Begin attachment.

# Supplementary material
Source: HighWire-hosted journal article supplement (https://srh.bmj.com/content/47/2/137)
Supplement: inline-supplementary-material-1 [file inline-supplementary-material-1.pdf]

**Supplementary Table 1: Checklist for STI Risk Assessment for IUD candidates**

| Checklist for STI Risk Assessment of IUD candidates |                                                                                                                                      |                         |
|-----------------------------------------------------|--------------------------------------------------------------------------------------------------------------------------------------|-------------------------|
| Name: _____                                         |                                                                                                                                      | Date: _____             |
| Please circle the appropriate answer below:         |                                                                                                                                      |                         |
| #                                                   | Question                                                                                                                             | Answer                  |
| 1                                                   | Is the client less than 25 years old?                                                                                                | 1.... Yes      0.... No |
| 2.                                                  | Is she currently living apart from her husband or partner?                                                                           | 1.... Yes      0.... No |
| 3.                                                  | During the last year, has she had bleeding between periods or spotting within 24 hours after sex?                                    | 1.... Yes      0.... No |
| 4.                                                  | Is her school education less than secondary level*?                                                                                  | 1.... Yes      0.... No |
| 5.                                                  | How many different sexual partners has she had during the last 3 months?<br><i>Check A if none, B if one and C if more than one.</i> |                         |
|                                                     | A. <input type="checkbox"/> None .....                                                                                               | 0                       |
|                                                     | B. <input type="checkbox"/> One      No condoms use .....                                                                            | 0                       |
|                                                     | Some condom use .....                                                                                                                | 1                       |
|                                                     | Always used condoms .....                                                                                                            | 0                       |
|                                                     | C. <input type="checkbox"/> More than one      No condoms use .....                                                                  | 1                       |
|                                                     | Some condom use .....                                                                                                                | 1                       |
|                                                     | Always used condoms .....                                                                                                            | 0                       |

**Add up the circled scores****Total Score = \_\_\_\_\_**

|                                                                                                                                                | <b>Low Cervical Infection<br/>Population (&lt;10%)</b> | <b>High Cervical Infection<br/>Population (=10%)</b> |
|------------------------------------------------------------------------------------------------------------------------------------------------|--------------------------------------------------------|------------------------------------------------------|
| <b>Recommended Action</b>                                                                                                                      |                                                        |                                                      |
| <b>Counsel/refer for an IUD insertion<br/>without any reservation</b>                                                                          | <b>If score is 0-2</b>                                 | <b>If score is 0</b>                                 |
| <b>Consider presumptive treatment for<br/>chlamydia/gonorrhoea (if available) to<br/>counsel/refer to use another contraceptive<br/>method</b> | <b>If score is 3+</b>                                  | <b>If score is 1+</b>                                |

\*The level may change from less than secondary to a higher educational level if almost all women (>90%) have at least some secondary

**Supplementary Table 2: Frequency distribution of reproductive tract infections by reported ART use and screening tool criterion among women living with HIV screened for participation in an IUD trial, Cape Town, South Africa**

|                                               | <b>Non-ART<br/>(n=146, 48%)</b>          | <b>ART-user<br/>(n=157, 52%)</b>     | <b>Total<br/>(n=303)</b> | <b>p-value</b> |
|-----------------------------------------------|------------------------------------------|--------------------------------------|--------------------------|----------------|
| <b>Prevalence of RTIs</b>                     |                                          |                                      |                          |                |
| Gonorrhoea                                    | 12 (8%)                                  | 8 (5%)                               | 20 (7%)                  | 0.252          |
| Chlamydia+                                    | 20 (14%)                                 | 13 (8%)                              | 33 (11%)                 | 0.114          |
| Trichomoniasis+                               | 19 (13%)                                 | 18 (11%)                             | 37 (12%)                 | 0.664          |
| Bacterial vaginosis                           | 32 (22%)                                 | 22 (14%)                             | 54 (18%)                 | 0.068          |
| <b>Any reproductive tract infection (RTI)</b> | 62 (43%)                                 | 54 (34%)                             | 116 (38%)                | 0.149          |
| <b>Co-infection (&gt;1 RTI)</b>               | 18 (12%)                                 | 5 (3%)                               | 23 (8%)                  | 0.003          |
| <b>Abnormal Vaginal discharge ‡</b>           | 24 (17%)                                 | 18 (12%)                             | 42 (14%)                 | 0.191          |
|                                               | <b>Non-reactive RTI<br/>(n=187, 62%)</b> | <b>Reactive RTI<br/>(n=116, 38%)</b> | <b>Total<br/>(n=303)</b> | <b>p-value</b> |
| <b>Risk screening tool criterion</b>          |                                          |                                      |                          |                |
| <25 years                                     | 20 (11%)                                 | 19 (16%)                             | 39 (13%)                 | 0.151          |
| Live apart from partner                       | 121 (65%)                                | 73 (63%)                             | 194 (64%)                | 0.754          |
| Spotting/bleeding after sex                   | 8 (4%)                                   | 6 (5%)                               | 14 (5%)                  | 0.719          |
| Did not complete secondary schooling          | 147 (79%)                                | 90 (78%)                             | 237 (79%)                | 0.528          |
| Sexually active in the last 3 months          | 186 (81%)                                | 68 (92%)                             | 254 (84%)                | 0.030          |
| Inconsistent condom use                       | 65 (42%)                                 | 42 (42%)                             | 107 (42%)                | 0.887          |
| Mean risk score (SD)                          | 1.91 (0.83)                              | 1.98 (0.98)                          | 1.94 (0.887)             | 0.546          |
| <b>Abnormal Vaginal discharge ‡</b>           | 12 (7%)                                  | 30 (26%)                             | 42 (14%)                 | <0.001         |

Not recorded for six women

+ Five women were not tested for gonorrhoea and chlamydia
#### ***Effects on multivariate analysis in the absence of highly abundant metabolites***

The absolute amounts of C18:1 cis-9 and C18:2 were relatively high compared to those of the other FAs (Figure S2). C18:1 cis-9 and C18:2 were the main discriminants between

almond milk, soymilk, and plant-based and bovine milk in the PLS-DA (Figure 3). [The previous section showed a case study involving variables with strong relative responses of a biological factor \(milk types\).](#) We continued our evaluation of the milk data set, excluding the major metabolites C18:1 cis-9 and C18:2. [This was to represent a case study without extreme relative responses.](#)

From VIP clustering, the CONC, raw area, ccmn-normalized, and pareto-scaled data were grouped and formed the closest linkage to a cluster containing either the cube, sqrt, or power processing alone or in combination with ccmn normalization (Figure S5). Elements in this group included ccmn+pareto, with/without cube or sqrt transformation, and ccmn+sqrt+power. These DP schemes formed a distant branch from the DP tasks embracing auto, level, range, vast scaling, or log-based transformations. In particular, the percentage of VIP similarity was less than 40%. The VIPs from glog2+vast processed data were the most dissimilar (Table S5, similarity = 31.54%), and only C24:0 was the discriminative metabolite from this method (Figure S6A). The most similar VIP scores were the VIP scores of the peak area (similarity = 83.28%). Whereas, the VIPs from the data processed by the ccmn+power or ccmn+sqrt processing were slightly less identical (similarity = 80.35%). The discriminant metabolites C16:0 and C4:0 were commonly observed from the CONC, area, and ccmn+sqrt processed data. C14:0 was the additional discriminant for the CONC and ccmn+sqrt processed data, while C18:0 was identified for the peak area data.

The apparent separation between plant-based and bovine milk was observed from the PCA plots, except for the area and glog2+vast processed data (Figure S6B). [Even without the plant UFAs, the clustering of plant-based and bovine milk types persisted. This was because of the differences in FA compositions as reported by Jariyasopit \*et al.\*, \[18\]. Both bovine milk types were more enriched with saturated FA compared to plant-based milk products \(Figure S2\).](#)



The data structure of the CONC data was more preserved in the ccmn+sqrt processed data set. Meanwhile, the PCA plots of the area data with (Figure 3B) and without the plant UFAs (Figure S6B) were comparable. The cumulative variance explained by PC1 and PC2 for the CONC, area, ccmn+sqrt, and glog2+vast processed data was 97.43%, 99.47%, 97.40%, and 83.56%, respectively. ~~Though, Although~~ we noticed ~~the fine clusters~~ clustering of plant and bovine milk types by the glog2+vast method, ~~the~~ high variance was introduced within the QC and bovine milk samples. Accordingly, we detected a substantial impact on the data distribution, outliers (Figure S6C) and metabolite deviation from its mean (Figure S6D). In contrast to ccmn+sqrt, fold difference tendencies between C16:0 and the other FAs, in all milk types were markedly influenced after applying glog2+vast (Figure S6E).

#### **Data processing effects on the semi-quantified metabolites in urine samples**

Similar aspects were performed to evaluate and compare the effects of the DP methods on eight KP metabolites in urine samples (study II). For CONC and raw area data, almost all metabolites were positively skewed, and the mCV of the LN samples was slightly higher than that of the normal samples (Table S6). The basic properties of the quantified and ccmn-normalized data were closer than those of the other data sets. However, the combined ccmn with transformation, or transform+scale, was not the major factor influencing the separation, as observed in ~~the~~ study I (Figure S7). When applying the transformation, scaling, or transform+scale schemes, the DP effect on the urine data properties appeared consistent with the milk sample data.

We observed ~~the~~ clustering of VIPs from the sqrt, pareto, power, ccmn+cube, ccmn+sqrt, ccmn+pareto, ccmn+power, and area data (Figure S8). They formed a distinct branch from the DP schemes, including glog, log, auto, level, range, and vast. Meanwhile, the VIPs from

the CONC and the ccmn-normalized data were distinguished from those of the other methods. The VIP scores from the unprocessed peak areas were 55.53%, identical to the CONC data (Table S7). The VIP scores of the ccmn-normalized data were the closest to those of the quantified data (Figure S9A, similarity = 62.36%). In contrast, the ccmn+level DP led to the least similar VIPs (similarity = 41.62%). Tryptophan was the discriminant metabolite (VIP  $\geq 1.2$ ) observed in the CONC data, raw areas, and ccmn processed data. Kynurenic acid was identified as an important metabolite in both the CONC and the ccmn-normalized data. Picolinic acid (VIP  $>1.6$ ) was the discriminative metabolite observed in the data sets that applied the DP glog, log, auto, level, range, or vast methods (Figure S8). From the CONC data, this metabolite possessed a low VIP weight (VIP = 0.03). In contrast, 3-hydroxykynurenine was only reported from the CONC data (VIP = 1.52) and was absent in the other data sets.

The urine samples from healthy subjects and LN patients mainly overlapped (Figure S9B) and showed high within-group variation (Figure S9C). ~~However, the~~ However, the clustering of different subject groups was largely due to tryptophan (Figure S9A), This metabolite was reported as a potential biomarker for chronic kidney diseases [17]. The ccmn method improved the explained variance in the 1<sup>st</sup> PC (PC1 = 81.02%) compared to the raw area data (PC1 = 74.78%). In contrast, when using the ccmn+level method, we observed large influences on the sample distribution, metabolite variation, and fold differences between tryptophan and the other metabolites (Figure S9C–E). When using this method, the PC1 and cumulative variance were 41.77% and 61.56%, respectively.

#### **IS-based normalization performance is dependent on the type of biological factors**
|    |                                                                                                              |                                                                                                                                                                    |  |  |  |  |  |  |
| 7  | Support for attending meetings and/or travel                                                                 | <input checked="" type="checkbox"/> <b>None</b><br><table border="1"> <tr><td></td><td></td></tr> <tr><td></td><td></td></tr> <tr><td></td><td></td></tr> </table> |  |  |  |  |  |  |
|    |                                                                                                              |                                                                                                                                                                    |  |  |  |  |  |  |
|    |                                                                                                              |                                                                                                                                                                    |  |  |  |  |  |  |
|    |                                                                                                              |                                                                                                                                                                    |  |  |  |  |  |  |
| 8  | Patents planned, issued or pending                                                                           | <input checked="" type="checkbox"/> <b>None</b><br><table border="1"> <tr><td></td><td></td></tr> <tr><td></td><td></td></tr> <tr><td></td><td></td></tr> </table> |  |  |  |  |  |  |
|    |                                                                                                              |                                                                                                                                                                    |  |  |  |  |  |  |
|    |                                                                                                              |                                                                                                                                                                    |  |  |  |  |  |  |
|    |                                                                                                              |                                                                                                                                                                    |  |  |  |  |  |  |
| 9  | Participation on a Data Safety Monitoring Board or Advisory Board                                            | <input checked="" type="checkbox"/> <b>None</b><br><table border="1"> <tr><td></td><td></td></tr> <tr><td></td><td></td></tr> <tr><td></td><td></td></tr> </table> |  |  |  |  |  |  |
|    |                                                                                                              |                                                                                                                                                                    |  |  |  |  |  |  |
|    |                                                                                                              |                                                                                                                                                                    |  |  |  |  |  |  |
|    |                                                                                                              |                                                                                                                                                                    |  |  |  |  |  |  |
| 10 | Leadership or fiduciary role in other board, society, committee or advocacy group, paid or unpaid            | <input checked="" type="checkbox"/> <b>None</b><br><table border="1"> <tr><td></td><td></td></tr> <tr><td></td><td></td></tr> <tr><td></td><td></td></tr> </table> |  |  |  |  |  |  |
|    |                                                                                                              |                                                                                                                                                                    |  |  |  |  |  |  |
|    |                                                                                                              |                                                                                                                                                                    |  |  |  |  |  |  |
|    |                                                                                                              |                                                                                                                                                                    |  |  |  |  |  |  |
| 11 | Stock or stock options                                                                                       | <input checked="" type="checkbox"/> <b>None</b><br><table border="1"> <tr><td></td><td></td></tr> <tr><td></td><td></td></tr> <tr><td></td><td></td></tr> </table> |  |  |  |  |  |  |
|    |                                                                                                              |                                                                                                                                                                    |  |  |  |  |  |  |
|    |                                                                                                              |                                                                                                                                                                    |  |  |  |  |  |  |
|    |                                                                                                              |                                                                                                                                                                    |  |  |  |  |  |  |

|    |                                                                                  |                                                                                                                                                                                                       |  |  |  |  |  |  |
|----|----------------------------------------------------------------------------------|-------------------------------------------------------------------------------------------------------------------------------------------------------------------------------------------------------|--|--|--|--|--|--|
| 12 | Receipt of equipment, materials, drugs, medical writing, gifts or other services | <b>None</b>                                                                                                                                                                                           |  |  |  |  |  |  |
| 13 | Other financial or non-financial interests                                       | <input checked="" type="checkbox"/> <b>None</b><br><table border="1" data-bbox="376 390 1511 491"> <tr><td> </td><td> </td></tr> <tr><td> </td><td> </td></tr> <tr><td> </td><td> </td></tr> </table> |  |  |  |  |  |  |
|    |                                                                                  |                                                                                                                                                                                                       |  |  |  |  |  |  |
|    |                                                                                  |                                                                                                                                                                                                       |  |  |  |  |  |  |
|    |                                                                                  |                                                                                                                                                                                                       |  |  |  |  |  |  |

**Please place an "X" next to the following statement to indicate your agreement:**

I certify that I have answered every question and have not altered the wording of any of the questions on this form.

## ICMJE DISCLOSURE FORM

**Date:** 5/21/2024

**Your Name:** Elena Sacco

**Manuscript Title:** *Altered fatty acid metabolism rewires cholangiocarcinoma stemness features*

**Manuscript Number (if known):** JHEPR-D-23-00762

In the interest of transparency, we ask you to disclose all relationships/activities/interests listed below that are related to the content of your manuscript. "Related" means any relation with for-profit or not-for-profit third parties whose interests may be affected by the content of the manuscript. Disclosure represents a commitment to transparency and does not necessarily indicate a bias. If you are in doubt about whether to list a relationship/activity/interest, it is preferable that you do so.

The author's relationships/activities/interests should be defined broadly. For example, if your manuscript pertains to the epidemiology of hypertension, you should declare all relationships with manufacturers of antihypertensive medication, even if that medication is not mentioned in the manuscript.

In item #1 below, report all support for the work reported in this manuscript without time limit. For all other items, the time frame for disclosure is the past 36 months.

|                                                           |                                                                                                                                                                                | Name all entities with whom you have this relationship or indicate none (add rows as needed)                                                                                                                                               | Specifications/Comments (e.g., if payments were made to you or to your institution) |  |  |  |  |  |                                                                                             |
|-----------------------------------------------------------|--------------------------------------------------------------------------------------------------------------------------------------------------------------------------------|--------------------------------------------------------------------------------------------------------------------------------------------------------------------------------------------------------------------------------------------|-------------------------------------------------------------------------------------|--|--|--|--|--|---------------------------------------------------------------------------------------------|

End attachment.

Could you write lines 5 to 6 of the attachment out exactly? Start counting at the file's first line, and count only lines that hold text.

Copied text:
| Checklist for STI Risk Assessment of IUD candidates |                                                                                                                                      |                         |
|-----------------------------------------------------|--------------------------------------------------------------------------------------------------------------------------------------|-------------------------|